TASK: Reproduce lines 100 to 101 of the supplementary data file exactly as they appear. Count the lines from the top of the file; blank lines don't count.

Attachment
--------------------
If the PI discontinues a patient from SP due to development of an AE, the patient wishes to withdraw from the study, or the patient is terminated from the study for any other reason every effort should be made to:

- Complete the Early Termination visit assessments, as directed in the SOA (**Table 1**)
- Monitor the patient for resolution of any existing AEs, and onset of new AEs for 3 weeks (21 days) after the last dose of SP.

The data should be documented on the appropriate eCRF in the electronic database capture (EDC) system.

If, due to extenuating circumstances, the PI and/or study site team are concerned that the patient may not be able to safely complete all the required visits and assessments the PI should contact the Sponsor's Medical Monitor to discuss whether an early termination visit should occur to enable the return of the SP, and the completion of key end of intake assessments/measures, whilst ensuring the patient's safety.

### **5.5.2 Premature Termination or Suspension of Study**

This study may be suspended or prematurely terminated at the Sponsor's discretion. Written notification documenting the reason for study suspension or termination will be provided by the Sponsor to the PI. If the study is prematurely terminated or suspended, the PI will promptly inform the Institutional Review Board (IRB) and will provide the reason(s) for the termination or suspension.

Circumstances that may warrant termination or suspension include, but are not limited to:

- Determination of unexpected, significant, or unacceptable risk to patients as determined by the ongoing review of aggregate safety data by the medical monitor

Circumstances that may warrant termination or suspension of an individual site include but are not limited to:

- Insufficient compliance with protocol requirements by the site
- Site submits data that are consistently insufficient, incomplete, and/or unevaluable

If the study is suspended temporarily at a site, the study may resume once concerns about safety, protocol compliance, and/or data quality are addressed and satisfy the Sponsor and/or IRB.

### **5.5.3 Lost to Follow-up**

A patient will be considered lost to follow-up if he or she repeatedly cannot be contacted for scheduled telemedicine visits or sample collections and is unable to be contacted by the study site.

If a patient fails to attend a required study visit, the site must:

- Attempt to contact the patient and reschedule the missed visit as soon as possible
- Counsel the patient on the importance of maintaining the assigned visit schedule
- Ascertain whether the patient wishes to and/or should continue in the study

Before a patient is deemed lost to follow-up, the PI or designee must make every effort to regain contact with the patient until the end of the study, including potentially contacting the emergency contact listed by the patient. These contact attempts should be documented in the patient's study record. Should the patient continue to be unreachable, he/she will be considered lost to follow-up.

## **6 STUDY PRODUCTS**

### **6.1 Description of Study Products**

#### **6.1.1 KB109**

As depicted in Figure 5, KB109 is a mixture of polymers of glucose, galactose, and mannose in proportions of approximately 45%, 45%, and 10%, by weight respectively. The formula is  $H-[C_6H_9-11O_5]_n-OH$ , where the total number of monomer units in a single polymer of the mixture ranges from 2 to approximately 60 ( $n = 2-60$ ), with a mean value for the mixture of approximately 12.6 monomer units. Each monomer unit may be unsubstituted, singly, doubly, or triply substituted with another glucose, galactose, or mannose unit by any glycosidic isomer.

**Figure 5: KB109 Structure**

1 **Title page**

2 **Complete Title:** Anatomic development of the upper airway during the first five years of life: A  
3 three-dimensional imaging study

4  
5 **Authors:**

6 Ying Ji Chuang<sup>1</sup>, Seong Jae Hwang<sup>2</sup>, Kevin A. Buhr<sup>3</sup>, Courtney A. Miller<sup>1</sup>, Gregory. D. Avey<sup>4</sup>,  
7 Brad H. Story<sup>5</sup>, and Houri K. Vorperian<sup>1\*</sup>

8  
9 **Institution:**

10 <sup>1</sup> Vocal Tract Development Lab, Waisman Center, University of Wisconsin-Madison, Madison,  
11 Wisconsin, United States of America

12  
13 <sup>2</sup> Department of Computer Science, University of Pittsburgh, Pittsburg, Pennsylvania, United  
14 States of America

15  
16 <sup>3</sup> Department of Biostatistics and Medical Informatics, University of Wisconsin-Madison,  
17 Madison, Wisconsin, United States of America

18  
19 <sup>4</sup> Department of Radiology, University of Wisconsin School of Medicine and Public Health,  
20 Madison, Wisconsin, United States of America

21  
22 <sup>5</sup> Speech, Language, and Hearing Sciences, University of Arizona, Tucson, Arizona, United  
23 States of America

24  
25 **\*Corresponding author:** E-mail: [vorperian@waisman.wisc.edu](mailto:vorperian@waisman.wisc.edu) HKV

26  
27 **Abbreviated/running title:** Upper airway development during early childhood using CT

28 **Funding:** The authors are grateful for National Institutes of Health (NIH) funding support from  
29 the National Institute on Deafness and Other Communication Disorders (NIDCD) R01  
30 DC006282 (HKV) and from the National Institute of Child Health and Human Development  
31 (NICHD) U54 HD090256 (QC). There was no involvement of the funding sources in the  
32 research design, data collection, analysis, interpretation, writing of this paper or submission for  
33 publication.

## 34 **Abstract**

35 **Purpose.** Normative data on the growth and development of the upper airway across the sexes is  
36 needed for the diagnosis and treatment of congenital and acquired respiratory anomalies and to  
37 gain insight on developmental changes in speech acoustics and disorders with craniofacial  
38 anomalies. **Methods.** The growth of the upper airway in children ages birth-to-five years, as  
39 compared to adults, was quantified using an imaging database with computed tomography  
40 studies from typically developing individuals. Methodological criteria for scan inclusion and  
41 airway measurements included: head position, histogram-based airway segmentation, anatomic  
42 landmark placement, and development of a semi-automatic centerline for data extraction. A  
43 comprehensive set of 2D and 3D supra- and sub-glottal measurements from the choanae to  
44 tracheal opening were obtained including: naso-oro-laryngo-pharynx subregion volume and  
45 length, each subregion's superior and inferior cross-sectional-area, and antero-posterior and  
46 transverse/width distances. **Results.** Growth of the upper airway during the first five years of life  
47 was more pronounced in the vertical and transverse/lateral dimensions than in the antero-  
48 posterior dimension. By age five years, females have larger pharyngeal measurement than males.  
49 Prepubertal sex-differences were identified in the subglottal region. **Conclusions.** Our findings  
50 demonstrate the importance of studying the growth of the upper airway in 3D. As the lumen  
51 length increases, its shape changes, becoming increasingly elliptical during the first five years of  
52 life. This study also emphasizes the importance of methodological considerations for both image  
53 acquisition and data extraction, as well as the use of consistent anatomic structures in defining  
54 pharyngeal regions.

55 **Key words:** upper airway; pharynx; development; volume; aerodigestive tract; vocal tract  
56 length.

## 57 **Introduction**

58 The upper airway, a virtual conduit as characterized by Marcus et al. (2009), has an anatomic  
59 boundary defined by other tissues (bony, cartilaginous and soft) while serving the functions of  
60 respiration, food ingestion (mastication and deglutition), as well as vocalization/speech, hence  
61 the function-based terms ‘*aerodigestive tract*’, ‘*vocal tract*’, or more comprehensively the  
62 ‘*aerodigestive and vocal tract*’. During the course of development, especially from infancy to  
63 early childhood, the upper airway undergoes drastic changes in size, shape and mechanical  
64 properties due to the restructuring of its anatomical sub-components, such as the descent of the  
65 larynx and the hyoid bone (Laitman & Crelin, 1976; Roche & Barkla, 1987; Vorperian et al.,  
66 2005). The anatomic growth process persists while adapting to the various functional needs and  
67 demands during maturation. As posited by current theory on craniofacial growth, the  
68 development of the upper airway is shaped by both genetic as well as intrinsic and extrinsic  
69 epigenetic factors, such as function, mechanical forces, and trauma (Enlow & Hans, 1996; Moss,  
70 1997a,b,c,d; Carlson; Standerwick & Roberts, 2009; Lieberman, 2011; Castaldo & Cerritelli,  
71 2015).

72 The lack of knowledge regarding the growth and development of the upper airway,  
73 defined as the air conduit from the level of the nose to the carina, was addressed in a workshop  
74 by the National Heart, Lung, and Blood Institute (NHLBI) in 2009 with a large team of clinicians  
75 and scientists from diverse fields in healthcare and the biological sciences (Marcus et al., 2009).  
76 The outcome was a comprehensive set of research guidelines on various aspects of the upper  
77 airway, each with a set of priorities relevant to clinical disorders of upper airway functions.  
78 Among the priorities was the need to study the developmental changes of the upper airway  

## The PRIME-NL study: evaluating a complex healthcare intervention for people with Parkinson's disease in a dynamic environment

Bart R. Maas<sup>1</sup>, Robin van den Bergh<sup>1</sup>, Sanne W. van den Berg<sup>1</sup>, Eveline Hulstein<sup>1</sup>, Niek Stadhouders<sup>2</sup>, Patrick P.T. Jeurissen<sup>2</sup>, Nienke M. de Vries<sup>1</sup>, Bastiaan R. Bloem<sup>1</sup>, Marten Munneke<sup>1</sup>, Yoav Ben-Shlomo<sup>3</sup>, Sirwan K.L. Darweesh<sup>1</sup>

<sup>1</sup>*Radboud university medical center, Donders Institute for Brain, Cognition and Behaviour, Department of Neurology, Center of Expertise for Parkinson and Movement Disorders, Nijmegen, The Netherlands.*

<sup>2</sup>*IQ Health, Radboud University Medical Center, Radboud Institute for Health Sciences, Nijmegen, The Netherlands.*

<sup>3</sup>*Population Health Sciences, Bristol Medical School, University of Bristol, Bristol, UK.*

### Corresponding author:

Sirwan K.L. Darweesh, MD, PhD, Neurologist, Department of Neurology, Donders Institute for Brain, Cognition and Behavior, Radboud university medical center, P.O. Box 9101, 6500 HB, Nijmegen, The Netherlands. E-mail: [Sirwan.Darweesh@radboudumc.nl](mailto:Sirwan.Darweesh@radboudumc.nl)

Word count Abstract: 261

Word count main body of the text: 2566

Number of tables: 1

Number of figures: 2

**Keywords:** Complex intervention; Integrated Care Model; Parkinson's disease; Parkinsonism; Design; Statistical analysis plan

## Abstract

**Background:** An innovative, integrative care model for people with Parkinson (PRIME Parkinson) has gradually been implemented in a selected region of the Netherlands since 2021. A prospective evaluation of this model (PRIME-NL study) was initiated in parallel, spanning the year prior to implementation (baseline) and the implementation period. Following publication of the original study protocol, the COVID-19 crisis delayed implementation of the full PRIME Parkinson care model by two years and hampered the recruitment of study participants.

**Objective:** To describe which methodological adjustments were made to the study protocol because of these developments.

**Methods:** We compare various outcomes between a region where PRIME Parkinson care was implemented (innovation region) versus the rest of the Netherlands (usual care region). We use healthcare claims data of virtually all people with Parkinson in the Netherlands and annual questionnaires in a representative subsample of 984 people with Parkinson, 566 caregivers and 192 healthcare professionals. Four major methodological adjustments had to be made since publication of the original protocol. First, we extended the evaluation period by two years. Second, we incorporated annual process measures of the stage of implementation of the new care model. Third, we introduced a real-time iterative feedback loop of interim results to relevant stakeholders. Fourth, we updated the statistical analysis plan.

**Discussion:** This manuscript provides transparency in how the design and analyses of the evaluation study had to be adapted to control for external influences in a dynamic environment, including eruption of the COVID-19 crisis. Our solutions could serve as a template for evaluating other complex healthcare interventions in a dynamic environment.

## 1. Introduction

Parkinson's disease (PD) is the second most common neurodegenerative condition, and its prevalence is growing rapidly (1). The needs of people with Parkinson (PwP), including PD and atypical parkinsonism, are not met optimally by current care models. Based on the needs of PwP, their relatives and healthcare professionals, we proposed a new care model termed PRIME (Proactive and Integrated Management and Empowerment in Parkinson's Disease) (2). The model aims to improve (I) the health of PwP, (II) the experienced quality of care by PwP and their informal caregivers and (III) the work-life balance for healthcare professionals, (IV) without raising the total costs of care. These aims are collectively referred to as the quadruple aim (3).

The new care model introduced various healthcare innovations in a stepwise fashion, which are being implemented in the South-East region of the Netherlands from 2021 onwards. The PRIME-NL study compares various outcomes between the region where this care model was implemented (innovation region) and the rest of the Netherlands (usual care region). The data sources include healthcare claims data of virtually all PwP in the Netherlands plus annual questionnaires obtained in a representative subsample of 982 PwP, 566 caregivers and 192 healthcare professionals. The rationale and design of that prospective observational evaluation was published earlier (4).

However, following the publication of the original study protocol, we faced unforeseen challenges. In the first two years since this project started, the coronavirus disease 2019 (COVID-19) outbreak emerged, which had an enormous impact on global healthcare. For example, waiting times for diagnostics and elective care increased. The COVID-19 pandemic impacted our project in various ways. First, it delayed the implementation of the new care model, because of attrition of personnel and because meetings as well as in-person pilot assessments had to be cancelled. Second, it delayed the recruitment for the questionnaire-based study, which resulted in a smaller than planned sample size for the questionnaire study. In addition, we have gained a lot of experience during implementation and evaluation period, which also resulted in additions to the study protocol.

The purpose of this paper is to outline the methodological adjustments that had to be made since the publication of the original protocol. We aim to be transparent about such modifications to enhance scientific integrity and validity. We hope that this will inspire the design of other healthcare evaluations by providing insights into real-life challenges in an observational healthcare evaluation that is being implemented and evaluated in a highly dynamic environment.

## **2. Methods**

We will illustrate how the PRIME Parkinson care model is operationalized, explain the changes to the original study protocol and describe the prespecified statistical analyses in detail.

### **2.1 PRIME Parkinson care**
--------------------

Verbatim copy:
75 and scientists from diverse fields in healthcare and the biological sciences (Marcus et al., 2009).  
76 The outcome was a comprehensive set of research guidelines on various aspects of the upper  